Bigger plans for the nursery are underway. The foundation is working with Merced College to offer satellite classes to the inmates that will provide a certifiable vocational program. The inmates will study topics such as plant identification, tree biology, tree and soil relations, water management, tree nutrition and fertilization, tree selection, pruning, and diagnosis of plant disorders.
Nursery Yields Local Partners
The nursery supplies trees to a variety of agencies and organizations, including local governments, schools, and churches. “We wouldn’t be able to put in the street trees we have and maintain the street trees we have if it wasn’t for the Tree Partners Foundation,” says Atwater Mayor and Tree Partners Foundation Board Member Joan Faul.
The nursery also provides trees suitable for planting under power lines to PG&E for use as replacement trees. And the nursery grows trees for the Merced Irrigation District’s annual customer tree give-away. This year the foundation expects to supply 1,000 15-gallon trees for the irrigation district’s give-away program. “It’s a big cost savings to them, plus it provides funding for our organization,” says Atwater’s Urban Forester and Tree Partners Foundation Board Member Bryan Tassey, whose many jobs include overseeing the nursery.
Tassey, who also teaches at Merced College, says he’s amazed at how much the nursery and the program have evolved in such a short time. “A year ago it was bare ground,” he says. “We’ve come quite a ways.”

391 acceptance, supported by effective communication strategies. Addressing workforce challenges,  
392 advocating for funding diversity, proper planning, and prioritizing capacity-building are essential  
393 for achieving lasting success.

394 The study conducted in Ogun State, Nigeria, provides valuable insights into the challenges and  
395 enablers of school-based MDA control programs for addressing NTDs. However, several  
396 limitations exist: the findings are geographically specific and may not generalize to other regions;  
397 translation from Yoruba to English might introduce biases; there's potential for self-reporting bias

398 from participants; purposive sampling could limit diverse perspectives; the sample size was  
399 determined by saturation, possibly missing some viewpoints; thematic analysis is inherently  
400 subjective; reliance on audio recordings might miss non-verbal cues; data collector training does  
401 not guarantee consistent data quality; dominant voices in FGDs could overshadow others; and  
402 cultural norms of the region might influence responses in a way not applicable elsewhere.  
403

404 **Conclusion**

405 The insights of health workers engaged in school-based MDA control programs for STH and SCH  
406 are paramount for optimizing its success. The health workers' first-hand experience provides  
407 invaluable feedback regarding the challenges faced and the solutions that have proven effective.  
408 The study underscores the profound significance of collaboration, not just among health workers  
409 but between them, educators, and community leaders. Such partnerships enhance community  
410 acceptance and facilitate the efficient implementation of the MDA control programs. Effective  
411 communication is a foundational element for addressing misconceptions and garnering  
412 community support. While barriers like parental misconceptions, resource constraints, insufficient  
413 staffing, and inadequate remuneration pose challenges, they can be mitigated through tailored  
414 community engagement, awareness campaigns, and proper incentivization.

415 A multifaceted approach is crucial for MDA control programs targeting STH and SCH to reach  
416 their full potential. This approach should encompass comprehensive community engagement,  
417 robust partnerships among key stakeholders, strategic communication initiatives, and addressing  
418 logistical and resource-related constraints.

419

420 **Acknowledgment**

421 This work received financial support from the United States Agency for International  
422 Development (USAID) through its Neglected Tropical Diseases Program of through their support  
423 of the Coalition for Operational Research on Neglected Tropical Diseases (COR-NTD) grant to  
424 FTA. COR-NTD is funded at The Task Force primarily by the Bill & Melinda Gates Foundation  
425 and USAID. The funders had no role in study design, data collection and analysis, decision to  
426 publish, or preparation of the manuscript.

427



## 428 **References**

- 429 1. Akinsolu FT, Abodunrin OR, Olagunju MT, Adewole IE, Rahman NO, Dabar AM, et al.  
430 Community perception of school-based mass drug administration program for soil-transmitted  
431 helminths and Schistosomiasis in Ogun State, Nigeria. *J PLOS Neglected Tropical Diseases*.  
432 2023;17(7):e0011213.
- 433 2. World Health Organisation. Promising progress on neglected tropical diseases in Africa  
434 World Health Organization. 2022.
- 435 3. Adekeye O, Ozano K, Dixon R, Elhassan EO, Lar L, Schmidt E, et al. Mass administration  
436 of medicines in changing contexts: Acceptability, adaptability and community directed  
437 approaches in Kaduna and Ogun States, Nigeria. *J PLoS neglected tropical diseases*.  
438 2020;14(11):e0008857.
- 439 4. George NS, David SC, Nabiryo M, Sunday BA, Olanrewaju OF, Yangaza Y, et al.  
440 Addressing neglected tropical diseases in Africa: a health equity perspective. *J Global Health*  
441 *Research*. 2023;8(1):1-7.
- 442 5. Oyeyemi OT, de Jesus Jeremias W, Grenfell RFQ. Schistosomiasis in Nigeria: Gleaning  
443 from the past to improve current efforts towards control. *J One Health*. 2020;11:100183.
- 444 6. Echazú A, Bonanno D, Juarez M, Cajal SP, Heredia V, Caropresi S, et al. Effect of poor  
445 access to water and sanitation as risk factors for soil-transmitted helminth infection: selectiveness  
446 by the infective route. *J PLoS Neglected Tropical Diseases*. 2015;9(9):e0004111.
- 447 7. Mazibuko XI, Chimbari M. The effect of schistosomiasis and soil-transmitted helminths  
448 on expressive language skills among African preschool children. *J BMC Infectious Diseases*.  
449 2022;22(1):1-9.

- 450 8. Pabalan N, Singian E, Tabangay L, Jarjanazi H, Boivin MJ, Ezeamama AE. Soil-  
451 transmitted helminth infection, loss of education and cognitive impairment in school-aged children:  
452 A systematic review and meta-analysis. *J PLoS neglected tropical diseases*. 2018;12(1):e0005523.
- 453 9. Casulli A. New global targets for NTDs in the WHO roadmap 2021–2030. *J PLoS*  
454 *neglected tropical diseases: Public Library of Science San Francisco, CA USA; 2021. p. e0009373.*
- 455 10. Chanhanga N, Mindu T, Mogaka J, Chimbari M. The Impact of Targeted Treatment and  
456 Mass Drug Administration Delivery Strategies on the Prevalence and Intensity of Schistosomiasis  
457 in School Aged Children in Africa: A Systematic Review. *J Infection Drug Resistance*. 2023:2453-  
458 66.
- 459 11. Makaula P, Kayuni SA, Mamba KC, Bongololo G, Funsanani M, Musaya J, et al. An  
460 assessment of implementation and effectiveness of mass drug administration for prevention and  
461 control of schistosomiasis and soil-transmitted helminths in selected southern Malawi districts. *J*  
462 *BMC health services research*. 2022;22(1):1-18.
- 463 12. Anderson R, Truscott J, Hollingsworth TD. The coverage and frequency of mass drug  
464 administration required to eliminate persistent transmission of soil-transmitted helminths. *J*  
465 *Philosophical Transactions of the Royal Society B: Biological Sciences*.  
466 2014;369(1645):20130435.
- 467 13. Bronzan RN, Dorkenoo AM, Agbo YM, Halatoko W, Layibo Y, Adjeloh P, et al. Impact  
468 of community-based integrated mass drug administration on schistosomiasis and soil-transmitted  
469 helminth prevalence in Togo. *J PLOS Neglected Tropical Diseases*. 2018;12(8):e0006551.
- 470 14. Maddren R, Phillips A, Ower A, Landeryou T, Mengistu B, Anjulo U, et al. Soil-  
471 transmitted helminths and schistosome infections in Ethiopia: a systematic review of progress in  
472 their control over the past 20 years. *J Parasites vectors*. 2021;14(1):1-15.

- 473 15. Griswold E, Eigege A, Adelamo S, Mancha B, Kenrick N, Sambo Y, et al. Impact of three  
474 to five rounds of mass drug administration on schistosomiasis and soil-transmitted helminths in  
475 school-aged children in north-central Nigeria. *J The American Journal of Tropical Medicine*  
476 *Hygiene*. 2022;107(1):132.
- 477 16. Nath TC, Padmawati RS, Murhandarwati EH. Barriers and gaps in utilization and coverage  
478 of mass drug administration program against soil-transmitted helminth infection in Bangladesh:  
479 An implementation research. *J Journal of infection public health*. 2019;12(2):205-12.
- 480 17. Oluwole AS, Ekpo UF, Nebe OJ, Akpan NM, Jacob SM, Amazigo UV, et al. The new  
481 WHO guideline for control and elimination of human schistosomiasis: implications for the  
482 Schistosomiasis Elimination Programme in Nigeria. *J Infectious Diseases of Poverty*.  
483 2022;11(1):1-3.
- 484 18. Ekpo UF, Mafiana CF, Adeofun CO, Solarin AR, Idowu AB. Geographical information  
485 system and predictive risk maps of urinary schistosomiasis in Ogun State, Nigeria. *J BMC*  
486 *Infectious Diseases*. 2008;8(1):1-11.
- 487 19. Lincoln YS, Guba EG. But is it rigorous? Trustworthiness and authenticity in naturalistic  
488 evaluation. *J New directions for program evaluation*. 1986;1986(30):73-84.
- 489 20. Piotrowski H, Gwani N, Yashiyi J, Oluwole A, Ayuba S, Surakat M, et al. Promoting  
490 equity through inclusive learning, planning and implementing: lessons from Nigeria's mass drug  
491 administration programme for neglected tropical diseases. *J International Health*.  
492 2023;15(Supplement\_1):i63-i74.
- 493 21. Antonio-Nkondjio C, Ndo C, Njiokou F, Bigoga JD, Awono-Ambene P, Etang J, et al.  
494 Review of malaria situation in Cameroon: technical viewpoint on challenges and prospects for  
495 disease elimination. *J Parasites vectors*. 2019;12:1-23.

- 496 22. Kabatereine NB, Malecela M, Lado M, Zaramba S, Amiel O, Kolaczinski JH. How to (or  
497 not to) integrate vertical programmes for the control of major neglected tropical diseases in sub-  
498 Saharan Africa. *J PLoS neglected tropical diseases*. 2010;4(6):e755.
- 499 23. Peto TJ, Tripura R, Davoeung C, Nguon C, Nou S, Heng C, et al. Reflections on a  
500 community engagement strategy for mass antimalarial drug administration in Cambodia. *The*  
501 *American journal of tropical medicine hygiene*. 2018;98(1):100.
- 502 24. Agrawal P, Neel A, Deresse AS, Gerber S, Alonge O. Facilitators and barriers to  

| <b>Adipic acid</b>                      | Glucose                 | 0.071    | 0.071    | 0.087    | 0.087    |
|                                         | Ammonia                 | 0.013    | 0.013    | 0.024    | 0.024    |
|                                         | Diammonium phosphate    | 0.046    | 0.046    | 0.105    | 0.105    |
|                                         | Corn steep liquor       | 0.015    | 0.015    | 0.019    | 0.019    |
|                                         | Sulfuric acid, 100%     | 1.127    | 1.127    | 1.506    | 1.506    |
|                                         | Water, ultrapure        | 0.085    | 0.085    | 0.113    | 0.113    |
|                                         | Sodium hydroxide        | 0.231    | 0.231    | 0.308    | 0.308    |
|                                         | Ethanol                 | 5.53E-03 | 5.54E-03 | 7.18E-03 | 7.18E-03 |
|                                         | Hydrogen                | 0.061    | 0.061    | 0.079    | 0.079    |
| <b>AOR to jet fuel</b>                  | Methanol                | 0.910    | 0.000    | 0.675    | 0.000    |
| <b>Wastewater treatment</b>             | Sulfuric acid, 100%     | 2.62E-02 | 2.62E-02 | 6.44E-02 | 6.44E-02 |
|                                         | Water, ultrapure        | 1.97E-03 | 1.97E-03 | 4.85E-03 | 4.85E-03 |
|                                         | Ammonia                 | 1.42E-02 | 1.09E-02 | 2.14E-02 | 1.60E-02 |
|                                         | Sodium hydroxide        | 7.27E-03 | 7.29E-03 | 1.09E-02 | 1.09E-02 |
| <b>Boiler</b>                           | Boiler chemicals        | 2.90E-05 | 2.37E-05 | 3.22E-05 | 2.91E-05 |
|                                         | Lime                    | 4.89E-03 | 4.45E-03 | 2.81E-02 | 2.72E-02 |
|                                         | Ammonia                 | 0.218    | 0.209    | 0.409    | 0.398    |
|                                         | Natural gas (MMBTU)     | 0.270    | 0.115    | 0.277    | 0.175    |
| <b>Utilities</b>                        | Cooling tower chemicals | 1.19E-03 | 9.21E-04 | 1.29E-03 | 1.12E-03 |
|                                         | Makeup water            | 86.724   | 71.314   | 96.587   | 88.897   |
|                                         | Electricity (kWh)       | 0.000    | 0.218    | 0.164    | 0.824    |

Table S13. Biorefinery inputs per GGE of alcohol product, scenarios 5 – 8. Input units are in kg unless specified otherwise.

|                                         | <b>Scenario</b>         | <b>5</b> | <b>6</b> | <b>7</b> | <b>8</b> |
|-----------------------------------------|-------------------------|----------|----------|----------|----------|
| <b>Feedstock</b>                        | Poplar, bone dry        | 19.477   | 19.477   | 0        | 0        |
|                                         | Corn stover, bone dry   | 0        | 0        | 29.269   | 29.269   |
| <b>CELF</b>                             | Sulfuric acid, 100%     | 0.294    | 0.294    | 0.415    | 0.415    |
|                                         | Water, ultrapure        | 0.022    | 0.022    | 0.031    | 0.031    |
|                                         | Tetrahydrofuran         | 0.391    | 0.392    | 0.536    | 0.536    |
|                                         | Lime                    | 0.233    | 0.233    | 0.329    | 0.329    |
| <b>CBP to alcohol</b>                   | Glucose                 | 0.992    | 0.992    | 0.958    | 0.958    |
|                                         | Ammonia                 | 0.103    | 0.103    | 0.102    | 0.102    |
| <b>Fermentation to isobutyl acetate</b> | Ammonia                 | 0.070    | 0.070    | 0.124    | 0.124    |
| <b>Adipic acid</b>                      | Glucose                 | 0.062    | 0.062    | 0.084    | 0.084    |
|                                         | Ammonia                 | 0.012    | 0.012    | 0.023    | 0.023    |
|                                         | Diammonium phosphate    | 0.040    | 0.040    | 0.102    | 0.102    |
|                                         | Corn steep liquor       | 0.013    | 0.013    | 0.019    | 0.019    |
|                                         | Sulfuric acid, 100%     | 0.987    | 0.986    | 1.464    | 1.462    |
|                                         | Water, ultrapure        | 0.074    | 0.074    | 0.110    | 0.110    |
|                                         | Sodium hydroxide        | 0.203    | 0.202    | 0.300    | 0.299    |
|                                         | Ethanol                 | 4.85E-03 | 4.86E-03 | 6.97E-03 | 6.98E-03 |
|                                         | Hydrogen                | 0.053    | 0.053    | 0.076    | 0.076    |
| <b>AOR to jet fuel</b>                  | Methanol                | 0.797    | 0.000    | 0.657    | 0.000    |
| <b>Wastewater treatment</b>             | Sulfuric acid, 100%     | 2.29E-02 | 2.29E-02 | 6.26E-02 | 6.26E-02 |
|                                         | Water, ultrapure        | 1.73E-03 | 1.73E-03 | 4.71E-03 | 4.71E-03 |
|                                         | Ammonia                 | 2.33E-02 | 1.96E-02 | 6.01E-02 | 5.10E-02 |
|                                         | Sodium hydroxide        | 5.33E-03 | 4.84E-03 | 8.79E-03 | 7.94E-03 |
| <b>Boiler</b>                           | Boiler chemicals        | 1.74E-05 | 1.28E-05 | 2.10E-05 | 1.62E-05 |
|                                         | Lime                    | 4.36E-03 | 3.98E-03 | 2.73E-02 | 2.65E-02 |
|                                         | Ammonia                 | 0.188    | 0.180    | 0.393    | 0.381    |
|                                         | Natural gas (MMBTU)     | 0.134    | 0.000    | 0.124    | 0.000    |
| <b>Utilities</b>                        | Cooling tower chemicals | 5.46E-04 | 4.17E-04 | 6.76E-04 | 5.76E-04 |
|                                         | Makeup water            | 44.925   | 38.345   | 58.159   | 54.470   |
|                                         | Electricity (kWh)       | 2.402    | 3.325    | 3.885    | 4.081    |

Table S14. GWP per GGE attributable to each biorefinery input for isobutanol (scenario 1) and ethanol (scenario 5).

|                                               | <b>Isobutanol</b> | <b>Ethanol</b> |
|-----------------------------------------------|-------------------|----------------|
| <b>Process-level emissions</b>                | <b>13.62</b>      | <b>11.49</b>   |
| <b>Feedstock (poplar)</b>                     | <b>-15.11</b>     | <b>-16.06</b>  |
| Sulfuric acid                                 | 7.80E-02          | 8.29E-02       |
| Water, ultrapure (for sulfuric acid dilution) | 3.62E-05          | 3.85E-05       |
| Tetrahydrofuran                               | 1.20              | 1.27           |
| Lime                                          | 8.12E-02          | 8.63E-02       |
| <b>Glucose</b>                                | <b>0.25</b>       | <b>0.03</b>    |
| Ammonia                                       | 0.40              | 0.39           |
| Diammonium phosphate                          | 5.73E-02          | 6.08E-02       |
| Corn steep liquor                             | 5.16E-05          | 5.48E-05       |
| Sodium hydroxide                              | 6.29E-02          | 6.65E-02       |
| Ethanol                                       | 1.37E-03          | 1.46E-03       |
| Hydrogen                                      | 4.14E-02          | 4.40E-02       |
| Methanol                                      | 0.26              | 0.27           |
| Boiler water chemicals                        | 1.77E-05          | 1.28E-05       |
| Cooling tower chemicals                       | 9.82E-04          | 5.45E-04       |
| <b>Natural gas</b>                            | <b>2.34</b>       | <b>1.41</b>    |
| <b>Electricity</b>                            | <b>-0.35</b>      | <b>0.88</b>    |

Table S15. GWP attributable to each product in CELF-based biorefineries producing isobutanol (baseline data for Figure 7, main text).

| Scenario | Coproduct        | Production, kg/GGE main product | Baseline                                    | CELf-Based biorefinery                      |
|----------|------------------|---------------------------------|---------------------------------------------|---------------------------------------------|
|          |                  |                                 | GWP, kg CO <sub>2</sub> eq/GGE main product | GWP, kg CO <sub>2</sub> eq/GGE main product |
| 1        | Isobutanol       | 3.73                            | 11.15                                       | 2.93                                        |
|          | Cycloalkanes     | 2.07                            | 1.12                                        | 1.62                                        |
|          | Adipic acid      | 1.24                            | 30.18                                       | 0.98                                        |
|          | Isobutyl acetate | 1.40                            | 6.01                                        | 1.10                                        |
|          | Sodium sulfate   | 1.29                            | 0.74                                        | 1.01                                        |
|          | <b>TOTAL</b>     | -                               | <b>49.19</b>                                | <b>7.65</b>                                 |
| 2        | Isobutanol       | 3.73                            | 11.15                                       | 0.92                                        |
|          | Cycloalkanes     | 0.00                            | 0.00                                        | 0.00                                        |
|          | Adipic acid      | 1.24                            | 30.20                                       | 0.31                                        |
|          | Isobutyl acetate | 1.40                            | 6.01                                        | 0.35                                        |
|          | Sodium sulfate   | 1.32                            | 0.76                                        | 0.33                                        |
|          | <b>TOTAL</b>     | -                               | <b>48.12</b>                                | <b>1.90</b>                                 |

Much of the Tree Partners’ accomplishments can be attributed to successful grant writing.
For example, the foundation received a $50,000 USDA Forest Service grant. The generosity of local organizations—including a $17,500 donation from the Atwater Rotary Club and in-kind donations from local businesses—have also bolstered the Tree Partners’ success.
Williamson says the organization is not interested in competing with local nurseries, but rather in earning enough money to continue its work in the community. “My goal in my lifetime is to make the nursery sustainable and I believe we will,” he says.
One goal the Tree Partners Foundation has been working toward for several years is a partnership with the National Arbor Day Foundation (NADF) that would allow the Tree Partners Foundation to act as the provider and shipper of all of NADF’s trees sent to its California members.
Organizations and businesses shipping trees from outside California face strict agricultural requirements. The result is that when California residents join NADF, they receive bare-root trees (6- to 12-inch trees with no soil around the roots) shipped from Nebraska or Tennessee.
The Tree Partners Foundation is in negotiations to become the supplier for NADF’s California members. The Tree Partners would provide tree plugs—live plants with soil at the root ball—which the foundation believes would mean healthier, fresher trees for NADF’s members.
At first, Tassey says, the Tree Partners would need to contract out to local nurseries for many of the trees. But he says he sees no reason why the foundation’s nursery couldn’t one day supply all of the trees to NADF’s California members. According to Tassey, the National Arbor Day Foundation’s spring and fall shipments currently provide about 30,000 trees annually to California. “The potential in California is huge, which the Arbor Day Foundation is very excited about,” he says. “That’s scratching the surface. We’re anticipating possibly a million trees in five years.”
That, says Tassey and Williamson, would be one more step toward financial stability for the organization and a healthier urban forest for Atwater and beyond. “We’re not rich, but we’re well on our way to becoming sustainable,” says Williamson.